Somewhere north of six billon telephone calls will be placed today around the world. According to a variety of sources, the average American makes between five and ten each – a number that varies widely based on a person’s age and stage of life.
It all started with one, of course, and the first was placed on this date 147 years ago back in 1876 by the man credited with inventing the technology.
As the story goes, Alexander Graham Bell was in his Boston laboratory when he tested his invention for the first time. Picking up the device, he rang his assistant.
“Mr. Watson, come here – I want to see you,” he told him. Recalling the breakthrough, Bell reflected, “To my delight he came and declared that he had heard and understood what I said.”
It would be an understatement to say that the telephone transformed the world. What once took days, weeks and even months to relay, now took just a matter of seconds. Consider the fact that America’s decision to declare its independence from Great Britian was made in July of 1776 – but the King didn’t learn about it until the fall.
Scottish-born and emigrating to America via Canada thanks to the kindness of a Baptist minister, Alexander Graham Bell’s interest in audio communication was deeply personal. His mother was legally deaf, and so as a youngster, he became determined to invent something to help her communicate.
A few years earlier, Alexander’s father, Alexander Melville Bell, had previously created the “Visible Speech System” – a series of symbols that enabled the deaf to communicate. But the younger Bell wanted to do more, and especially after his two brothers died several years apart of tuberculosis.
Bell’s two experiments consisted of a telegraph that could send several messages at different pitches over a wire, and another to transmit the voice or sound over a wire. The telephone would eventually emerge from these efforts, a development that made Bell a very rich man.
All the while, the famous inventor would meet and fall in love with Mabel Hubbard, who was deaf. They would marry the next year and remain inseparable for 45 years until Alexander’s death in 1922. They would have four children, including two daughters who died tragically in childhood.
Little is recorded about Alexander’s faith as a youngster, though as an adult, the Bell family was known to attend Presbyterian and Episcopalian church. Mabel once recorded an incident about her husband finding a Unitarian/Universalist pamphlet.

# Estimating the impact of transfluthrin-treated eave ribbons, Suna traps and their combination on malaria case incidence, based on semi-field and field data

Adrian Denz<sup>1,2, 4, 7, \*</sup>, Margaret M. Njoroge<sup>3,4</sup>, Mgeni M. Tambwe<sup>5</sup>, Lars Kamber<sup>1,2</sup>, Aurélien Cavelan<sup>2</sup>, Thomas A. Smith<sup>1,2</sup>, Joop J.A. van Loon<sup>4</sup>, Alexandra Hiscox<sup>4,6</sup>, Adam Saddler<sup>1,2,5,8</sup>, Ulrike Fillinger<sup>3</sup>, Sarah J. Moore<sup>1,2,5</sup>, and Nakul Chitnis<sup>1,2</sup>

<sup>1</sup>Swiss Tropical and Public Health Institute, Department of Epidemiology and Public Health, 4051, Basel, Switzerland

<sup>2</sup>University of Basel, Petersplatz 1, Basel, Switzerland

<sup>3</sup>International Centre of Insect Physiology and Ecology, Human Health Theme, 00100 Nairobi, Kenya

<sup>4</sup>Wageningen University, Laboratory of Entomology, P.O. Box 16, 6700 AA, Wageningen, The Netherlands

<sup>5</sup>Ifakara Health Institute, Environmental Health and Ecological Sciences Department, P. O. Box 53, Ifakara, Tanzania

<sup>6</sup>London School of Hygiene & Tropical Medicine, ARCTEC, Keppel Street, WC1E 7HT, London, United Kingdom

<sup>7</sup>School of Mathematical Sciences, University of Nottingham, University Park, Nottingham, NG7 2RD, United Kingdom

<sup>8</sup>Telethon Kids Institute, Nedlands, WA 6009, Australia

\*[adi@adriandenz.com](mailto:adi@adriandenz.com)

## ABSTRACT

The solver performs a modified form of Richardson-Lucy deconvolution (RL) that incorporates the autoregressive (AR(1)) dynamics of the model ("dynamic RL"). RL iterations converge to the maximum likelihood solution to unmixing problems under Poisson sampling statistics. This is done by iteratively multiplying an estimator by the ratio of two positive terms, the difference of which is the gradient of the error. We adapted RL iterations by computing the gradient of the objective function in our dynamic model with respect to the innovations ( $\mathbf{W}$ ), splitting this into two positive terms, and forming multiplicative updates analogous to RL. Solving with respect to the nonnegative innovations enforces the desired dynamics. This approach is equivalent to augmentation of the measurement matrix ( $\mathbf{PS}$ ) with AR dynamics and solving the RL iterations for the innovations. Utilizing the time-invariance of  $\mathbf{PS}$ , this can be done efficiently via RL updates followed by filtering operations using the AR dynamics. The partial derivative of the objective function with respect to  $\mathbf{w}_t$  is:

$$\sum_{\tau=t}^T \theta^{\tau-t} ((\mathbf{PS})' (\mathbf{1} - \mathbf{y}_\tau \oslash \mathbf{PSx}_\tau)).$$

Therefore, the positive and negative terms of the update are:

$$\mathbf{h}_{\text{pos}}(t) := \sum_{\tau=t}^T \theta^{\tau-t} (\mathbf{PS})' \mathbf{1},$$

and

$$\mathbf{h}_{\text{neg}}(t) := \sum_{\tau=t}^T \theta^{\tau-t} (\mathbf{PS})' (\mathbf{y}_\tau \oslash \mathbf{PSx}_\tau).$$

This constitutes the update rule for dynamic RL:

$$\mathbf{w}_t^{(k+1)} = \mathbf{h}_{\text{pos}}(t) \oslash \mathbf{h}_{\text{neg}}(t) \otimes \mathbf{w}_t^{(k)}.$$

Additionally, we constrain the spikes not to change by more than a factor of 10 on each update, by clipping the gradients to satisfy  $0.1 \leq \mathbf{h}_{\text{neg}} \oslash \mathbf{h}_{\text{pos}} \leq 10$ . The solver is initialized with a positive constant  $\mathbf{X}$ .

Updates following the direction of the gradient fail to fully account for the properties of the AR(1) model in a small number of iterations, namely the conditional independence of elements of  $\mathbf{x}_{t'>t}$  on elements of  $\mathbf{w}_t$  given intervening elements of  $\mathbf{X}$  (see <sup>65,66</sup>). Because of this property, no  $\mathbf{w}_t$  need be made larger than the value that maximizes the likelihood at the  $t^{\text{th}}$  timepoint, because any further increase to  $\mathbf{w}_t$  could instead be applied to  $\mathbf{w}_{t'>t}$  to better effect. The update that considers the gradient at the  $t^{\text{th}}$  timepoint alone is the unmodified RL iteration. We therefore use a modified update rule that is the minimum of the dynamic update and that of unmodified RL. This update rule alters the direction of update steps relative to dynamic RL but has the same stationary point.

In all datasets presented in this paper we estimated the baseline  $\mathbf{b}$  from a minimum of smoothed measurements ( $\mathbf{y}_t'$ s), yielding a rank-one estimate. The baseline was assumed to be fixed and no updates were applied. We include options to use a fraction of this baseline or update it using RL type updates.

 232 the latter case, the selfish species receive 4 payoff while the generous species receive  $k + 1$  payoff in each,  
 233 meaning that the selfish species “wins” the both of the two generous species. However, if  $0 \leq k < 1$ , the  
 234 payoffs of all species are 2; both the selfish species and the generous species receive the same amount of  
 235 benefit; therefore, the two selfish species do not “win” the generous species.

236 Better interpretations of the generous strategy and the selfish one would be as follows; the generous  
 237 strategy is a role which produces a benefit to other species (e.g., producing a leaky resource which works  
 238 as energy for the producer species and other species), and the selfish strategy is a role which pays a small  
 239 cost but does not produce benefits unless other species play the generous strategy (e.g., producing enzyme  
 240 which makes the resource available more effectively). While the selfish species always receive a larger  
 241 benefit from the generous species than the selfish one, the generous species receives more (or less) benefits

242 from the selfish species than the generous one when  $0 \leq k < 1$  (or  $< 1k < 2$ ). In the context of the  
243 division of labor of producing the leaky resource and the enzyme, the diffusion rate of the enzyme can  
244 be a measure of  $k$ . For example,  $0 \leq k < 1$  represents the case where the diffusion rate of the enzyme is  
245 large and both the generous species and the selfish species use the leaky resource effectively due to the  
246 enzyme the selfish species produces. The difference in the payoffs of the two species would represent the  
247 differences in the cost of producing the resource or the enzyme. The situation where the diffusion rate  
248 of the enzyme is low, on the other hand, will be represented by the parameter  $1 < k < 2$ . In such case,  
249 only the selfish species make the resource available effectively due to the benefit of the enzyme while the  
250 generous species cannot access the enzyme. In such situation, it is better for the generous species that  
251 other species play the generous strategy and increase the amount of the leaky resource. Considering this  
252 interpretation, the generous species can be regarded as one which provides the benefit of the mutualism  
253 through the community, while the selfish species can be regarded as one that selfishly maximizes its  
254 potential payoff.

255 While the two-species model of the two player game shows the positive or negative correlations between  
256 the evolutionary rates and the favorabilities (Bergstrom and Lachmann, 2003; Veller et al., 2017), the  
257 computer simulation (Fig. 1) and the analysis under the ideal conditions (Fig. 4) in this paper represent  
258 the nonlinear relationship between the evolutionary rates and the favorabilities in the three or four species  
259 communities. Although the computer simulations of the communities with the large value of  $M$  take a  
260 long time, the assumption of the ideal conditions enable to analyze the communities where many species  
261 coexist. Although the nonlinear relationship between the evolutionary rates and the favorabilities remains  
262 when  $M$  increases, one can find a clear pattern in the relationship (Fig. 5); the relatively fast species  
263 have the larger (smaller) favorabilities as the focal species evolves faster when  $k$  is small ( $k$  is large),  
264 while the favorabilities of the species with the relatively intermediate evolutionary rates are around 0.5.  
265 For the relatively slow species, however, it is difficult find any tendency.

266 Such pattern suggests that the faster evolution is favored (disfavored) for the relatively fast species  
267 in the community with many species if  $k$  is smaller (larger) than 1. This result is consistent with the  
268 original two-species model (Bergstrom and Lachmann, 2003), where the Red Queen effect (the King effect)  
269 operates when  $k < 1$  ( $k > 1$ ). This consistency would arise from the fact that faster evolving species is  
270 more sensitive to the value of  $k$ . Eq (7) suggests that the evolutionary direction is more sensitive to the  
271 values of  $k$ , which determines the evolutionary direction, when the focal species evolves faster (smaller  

“I have always considered myself as an agnostic,” he told his wife. “But I have now discovered that I am a Unitarian Agnostic.”
It seems theological confusion has been around for a long time.
The late historian David McCullough described Bell as “Courtly in manner, cheerful by nature, optimistic, insatiably curious about almost everything.” Curiously, though, McCullough writes, “His one real peculiarity, however, seems to have been an uncontrollable fear of having moonlight fall on him while he slept. His most lamentable vice, by all accounts, was an uncontrollable appetite for Smithfield Ham and apple pie.”
Yet, McCullough seems to have left off the strangest and most stunning peculiarity of all when it comes to the famed inventor.
Speaking at the National Deaf-Mute College in Washington, D.C., in 1891, Bell suggested the way to cure deafness was to have deaf people stop from procreating.
“I am sure that there is no one among the deaf who desires to have his affliction handed down to his children,” Bell told those gathered.
It seems that in addition to his other various experiments and inventions, including the metal detector, Bell became fascinated with eugenics – the wicked and immoral practice and study of trying to weed out certain genetic characteristics.
Why would a man whose entire existence depended upon a deaf woman, and whose 45-year marriage was to another deaf woman who conceived and gave birth to four children, want to deprive others of the joy and opportunity he enjoyed from the product of such unions?
Confused, faulty and dangerous theology would seem to be a leading culprit behind such thinking. And the idea that man, not God, sits in the chair of decision and destiny.
Of course, this same muddled and erroneous logic continues to this day. It brings to mind Ronald Reagan’s famous quip, “I’ve noticed that everyone who is for abortion has already been born.”
It’s also tragically ironic that the same man responsible for bringing the world and its people closer together than ever before was actually advocating for a policy that would have deprived our world of the richness, closeness and beauty of those in the deaf community.
Photo from Getty.